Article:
And this 1 client was not alone. In fact, we were encountering resistance from nearly every client to produce consistent blogs, newsletters, social media updates – it took hours and hours of their time every month. Time spent agonizing over what to write, editing & proofreading, time wasted fumbling around with ever-changing technology, time they simply didn’t feel they could afford to devote to the process. A process that when trying to do it every month on their own, felt like they were on some cruel treadmill they simply couldn’t keep pace with.

So out of exasperation, a simple idea was born: First with one client, then with many, an idea that we refined into a “solution,” a solution we now call “phoneBlogger™”. A solution of “doing it for you,” but still using your words, your knowledge, your expertise, your experience, and your personality (no pre-packaged, canned, or recycled content here!). Hours of your billable time saved every month, as it only requires minutes to be interviewed and to edit over the phone. No technical savvy on your part is required either.

As a client, you gain a tireless walking partner for that treadmill, one that carries the bulk of the burden, so that you are freed up to focus on your practice.

We invite you to experience our simple yet direct website –, and in only minutes, see for yourself what this simple “solution” can afford you.

Has Your Marketing Plan Failed You?

How using a dashboard can make all the difference.

A marketing plan is typically a bound document, predicting the right actions for growth. It usually covers more than a few months, often a year and sometimes longer. It includes your vision, interim goals and other purpose statements of why you’re doing what you intend on doing. Writing a marketing plan sounds great. Actually finishing a comprehensive market analysis can feel even better.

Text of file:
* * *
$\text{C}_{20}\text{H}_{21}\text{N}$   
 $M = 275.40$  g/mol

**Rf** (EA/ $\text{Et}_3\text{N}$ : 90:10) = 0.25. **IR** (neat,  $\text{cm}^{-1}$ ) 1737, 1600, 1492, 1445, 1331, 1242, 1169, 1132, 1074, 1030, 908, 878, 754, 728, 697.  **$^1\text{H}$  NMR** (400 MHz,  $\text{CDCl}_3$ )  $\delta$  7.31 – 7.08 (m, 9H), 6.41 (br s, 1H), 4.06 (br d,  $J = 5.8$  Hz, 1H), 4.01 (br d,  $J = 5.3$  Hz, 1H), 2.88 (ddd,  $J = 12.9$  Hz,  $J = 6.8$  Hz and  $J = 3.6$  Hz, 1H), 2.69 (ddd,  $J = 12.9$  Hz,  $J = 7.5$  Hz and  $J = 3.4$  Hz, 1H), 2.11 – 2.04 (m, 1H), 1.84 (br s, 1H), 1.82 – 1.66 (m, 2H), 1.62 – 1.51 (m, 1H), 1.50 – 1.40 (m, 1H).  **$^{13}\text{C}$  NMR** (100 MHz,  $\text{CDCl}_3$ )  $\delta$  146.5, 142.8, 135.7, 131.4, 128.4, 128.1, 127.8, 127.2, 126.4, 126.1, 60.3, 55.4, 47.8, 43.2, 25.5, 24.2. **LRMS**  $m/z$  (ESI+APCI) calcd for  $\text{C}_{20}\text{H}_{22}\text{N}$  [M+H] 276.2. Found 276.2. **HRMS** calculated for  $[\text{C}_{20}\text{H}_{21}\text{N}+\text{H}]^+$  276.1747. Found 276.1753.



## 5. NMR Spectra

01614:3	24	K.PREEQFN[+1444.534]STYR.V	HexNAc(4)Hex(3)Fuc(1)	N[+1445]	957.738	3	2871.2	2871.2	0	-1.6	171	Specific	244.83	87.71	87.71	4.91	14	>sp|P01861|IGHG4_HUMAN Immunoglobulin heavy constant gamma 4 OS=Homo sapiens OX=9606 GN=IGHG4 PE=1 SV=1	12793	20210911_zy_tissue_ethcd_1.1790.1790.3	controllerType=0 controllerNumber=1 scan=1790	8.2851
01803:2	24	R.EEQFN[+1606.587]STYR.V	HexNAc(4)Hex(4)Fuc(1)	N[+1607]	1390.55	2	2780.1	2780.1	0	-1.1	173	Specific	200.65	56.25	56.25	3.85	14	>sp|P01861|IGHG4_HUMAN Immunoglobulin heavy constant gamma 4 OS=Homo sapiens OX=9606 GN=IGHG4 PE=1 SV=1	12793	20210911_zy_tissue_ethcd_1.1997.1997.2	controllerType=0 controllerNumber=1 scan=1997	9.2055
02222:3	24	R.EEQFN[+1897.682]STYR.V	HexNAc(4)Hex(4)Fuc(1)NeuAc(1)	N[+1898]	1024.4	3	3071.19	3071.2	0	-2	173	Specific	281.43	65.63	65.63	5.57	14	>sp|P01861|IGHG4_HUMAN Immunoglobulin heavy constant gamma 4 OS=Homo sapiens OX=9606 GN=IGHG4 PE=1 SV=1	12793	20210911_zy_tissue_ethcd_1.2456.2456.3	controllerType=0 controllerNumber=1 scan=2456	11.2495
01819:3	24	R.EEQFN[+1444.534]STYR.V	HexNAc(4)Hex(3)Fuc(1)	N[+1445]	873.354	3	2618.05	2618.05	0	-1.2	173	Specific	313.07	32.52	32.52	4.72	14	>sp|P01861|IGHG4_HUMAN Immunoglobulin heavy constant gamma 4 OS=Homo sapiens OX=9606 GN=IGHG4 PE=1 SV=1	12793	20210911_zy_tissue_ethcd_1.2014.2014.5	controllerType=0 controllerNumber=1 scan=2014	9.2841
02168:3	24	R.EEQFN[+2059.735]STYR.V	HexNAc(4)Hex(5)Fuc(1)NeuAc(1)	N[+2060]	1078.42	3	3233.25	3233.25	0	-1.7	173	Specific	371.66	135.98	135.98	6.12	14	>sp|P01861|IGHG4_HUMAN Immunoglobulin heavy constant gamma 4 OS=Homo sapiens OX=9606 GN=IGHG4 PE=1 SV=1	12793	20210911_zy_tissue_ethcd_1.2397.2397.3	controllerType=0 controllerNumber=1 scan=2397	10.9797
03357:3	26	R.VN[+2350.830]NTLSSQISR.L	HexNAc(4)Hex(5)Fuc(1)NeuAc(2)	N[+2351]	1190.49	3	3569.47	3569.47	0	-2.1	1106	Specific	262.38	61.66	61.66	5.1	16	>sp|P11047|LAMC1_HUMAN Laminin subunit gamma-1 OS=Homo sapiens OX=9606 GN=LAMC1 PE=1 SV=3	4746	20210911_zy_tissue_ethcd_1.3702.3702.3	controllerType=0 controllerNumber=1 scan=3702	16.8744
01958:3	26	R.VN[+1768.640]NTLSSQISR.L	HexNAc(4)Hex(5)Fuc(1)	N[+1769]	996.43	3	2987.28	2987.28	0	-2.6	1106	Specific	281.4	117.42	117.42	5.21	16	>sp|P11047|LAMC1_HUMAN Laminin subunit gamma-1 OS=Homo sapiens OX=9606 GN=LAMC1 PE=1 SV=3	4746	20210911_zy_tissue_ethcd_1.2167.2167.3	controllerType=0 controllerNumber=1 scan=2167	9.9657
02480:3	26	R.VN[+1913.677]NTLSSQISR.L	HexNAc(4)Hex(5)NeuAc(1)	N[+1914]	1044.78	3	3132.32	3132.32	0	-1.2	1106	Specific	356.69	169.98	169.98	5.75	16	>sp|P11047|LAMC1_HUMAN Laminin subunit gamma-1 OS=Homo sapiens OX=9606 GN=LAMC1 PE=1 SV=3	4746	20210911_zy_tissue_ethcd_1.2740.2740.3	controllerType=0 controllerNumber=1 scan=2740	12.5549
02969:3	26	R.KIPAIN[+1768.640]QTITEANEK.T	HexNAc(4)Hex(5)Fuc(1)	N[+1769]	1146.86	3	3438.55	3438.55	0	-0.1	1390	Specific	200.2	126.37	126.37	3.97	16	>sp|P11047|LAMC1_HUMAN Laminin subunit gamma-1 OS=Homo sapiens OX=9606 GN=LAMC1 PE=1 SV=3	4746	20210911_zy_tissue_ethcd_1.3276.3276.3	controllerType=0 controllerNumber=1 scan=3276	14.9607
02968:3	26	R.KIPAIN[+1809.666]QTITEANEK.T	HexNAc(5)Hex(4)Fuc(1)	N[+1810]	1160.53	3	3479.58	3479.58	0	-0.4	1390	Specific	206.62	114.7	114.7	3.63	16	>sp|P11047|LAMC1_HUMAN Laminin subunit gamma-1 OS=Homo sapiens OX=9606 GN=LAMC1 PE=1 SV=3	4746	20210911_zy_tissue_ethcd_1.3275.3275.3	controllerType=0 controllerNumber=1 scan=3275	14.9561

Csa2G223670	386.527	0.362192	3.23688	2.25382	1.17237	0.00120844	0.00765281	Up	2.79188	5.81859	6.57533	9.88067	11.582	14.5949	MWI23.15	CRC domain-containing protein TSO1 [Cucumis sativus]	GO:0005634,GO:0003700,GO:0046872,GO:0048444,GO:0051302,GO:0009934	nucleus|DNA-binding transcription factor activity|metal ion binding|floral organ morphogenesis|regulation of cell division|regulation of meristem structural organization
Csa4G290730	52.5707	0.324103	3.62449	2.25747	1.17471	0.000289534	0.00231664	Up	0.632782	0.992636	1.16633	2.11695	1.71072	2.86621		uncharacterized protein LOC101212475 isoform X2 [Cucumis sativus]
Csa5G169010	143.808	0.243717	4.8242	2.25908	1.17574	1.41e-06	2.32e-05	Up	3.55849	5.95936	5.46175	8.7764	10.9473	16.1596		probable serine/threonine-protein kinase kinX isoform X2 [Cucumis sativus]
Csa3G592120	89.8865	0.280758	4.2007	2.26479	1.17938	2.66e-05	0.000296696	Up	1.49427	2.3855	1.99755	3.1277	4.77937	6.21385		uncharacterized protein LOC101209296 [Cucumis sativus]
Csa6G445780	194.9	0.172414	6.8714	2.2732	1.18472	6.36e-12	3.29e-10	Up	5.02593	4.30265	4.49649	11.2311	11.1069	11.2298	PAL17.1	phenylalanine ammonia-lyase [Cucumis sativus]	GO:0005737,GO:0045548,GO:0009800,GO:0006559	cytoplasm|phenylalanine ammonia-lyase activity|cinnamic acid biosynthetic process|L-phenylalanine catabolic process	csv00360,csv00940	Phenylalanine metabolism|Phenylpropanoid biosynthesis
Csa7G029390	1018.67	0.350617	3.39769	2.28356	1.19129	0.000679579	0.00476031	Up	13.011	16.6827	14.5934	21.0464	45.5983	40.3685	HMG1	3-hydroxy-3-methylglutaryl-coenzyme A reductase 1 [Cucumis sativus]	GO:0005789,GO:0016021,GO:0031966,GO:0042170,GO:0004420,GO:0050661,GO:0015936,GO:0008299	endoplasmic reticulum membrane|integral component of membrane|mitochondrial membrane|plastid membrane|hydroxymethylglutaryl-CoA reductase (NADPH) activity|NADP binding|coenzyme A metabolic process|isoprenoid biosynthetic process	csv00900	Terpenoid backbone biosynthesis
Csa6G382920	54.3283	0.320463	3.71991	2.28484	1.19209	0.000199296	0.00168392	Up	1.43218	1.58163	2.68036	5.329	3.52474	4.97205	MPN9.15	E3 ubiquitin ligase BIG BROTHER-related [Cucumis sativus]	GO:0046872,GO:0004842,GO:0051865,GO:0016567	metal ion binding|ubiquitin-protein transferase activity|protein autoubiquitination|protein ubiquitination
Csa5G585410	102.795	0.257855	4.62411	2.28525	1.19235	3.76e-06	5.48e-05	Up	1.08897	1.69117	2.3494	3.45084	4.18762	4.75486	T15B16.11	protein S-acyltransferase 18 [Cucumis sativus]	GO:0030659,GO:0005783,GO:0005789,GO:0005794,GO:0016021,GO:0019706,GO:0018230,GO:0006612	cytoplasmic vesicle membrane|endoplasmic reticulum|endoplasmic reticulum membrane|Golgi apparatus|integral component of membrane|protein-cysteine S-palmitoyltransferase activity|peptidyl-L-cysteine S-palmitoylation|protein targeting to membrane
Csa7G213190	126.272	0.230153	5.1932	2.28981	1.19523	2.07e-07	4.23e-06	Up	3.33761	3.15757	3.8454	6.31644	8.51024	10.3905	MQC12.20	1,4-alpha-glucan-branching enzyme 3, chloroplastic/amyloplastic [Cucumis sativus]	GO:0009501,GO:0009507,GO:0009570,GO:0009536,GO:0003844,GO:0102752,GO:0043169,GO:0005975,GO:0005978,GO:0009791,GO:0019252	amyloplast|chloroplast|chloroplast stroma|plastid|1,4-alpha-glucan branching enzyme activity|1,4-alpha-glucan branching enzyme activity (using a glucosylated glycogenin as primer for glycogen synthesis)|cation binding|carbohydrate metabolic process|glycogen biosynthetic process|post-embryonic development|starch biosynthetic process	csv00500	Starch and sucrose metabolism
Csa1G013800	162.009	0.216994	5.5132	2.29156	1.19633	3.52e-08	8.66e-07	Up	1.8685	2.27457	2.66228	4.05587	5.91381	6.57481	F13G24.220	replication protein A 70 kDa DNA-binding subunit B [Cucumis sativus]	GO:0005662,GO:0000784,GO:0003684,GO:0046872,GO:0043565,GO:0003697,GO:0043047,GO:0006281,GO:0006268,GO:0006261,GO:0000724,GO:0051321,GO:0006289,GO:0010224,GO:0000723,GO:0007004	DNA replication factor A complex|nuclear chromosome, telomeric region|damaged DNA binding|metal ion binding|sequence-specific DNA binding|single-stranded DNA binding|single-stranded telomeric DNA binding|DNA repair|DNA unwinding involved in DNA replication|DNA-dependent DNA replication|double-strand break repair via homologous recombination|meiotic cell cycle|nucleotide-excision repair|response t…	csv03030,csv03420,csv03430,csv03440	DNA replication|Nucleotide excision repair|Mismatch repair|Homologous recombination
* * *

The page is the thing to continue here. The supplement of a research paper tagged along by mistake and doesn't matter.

A marketing plan, by itself, can be pretty ineffective. Rather, for our clients, we implement “Marketing Action Plan (MAP) Dashboards.” An actively-managed Dashboard can help your marketing team stay nimble, pro-active, strategic and focused on the most time- and cost-effective marketing efforts.

Originally published in the AICPA ‘CPA Insider’ newsletter. Please click here to go to their site and read more to read more.

Seminar Marketing

A new way to zero in on new clientele.

October 18, 2010
by Vikram Rajan

“Seminar Marketing” is a catch-all phrase that includes public presentations, speaking engagements and classes. In some form, it should be a mainstay of your Marketing Action Plan (MAP). When done right, seminars produce a bounty of leads, client loyalty and billing and brand you a niche expert. Here are five specific dos, don’ts and thumb-rules when it comes to seminar marketing.

Do: Have a Goal for the Year